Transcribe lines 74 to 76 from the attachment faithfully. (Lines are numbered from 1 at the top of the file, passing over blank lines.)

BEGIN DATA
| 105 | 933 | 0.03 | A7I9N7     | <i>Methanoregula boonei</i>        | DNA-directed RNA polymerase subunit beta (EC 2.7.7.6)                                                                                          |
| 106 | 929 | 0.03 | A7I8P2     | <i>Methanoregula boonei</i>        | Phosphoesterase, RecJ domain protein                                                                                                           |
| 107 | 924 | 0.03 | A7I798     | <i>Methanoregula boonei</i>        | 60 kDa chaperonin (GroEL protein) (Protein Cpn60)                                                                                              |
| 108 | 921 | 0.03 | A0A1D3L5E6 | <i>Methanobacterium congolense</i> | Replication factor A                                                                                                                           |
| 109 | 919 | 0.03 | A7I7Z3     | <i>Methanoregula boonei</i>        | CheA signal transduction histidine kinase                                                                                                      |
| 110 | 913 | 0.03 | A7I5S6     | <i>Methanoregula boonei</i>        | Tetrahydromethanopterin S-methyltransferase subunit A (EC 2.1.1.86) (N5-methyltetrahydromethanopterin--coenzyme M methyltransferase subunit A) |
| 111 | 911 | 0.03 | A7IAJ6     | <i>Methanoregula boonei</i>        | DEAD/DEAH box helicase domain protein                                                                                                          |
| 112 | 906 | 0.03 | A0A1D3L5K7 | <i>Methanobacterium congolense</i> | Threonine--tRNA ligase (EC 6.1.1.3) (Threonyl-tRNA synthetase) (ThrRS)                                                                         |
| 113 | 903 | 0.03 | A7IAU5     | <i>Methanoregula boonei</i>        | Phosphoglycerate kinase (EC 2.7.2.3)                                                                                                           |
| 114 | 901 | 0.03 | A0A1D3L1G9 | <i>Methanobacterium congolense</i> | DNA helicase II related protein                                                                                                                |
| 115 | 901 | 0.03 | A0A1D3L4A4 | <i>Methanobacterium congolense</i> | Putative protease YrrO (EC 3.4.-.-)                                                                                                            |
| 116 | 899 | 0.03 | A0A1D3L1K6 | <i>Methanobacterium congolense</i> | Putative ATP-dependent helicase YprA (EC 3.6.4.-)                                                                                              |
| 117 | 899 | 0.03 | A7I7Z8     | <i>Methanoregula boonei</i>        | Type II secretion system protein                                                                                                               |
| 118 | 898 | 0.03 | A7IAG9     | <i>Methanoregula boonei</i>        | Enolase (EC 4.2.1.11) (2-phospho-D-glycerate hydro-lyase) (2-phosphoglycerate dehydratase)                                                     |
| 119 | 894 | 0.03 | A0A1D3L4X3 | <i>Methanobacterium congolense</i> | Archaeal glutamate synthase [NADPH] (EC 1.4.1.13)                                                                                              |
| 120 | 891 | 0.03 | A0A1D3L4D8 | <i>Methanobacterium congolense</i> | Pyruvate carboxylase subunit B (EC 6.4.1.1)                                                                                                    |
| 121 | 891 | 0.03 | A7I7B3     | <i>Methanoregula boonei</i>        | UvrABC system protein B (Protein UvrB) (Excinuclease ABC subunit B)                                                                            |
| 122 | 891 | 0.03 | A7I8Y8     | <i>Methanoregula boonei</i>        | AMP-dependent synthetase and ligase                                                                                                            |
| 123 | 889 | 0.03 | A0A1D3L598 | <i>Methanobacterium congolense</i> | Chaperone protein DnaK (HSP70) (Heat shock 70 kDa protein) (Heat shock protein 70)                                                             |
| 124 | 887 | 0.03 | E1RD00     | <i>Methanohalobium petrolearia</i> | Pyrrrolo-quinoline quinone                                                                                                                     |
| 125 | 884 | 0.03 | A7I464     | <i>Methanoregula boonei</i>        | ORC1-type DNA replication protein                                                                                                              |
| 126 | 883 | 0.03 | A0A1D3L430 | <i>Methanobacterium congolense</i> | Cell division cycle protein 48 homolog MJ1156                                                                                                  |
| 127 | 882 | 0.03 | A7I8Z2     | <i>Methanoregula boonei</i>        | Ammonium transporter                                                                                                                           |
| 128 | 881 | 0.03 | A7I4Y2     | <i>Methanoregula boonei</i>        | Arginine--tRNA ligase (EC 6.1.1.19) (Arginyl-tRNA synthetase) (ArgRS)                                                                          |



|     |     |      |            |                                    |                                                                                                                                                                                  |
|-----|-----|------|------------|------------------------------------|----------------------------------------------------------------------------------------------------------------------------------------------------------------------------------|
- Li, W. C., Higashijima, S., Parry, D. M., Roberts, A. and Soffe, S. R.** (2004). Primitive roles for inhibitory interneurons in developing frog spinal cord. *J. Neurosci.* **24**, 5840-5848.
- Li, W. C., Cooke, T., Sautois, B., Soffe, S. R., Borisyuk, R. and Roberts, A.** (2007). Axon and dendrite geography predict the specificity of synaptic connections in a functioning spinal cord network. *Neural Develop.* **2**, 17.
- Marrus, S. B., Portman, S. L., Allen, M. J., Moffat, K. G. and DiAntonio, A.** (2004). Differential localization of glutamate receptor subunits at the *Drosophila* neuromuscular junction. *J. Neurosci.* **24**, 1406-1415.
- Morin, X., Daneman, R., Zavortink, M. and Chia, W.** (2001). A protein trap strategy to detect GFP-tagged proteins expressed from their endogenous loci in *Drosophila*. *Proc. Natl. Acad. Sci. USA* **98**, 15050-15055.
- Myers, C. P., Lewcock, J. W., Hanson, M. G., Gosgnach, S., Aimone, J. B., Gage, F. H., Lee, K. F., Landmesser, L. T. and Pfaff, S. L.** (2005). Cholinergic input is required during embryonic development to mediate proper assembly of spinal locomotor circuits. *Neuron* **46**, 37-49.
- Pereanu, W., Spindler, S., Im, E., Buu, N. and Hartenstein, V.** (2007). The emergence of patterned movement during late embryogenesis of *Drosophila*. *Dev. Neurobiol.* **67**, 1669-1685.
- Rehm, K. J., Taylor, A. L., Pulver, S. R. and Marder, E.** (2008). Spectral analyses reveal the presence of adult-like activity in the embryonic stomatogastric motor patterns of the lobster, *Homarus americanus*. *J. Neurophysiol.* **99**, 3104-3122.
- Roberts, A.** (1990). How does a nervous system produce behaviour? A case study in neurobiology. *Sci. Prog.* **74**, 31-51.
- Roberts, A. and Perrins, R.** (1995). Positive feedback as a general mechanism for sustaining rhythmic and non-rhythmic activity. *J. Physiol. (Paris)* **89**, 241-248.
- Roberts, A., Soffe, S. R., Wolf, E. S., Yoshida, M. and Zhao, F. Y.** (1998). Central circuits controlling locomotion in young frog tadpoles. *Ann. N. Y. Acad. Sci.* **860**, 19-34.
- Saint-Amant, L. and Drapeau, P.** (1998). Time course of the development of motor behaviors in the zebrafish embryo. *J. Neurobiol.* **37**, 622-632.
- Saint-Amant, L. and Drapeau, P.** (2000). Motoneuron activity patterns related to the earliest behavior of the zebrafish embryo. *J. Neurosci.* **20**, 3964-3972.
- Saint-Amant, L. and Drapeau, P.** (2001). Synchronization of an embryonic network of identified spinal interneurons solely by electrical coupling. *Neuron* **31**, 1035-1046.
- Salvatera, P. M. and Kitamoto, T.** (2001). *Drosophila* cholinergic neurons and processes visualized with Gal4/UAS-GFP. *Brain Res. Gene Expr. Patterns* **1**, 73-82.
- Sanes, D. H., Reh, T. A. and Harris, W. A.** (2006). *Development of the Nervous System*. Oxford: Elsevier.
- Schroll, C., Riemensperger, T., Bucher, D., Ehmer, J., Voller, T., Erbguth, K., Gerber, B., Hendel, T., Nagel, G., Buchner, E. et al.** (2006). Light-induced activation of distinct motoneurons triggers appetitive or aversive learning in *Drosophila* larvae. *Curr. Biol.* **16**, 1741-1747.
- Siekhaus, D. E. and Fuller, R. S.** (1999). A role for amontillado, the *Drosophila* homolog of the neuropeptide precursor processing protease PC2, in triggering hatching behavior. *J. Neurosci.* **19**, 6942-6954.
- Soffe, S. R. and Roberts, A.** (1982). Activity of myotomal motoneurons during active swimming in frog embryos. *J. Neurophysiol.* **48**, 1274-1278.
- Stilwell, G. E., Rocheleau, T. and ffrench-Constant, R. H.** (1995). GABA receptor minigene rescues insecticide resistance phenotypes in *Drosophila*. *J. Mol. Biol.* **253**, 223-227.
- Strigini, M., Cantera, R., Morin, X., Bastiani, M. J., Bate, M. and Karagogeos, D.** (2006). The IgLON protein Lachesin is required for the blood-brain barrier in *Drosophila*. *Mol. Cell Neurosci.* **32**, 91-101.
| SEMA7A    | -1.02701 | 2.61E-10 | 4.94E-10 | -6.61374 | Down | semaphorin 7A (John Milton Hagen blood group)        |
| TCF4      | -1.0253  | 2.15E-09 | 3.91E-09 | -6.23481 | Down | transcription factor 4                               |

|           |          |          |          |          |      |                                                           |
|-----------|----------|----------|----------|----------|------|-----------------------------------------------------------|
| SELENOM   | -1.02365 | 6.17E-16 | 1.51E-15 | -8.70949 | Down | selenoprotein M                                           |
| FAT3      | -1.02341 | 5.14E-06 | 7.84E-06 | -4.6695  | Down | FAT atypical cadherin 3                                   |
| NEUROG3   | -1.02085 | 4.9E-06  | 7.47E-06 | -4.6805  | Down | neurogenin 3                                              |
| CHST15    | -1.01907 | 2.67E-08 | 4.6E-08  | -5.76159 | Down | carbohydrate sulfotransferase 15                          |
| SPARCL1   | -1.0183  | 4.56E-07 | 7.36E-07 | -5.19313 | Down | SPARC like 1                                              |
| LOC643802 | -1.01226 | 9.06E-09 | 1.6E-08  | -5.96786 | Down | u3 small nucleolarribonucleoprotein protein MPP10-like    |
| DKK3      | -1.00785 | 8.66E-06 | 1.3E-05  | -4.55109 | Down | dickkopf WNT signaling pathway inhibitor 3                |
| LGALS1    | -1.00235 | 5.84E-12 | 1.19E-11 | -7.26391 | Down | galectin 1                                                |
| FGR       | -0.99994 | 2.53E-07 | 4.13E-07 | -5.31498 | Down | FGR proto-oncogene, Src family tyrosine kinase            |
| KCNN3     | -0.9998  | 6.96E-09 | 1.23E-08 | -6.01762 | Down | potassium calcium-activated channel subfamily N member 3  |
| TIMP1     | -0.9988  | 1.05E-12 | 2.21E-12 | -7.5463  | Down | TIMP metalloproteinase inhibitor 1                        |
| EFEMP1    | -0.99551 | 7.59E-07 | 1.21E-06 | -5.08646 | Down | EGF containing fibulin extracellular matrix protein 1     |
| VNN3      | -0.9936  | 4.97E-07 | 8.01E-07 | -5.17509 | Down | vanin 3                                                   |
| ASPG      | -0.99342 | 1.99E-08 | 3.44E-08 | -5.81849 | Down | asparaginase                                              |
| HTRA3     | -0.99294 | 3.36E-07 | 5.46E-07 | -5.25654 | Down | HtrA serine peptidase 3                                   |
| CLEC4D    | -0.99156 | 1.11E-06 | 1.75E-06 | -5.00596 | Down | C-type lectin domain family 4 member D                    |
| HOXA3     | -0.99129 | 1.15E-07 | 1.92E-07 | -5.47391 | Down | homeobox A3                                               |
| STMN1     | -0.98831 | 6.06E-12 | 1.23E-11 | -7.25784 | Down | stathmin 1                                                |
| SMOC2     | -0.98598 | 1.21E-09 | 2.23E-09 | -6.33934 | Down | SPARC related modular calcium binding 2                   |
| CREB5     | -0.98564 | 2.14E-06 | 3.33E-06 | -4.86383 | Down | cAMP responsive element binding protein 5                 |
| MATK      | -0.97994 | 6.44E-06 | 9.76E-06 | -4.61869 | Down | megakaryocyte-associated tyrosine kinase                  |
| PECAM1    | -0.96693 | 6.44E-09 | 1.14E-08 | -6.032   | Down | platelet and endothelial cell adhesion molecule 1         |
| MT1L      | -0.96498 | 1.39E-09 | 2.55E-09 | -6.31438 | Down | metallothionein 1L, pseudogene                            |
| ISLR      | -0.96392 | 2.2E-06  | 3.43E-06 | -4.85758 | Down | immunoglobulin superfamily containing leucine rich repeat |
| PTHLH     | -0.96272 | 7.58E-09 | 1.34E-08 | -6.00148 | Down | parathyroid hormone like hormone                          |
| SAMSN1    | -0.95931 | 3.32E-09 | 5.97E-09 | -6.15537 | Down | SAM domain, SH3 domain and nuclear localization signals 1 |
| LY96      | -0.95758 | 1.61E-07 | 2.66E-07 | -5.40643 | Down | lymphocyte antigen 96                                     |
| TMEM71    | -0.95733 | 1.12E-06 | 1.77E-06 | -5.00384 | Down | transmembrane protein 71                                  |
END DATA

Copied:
| ISLR      | -0.96392 | 2.2E-06  | 3.43E-06 | -4.85758 | Down | immunoglobulin superfamily containing leucine rich repeat |
| PTHLH     | -0.96272 | 7.58E-09 | 1.34E-08 | -6.00148 | Down | parathyroid hormone like hormone                          |
| SAMSN1    | -0.95931 | 3.32E-09 | 5.97E-09 | -6.15537 | Down | SAM domain, SH3 domain and nuclear localization signals 1 |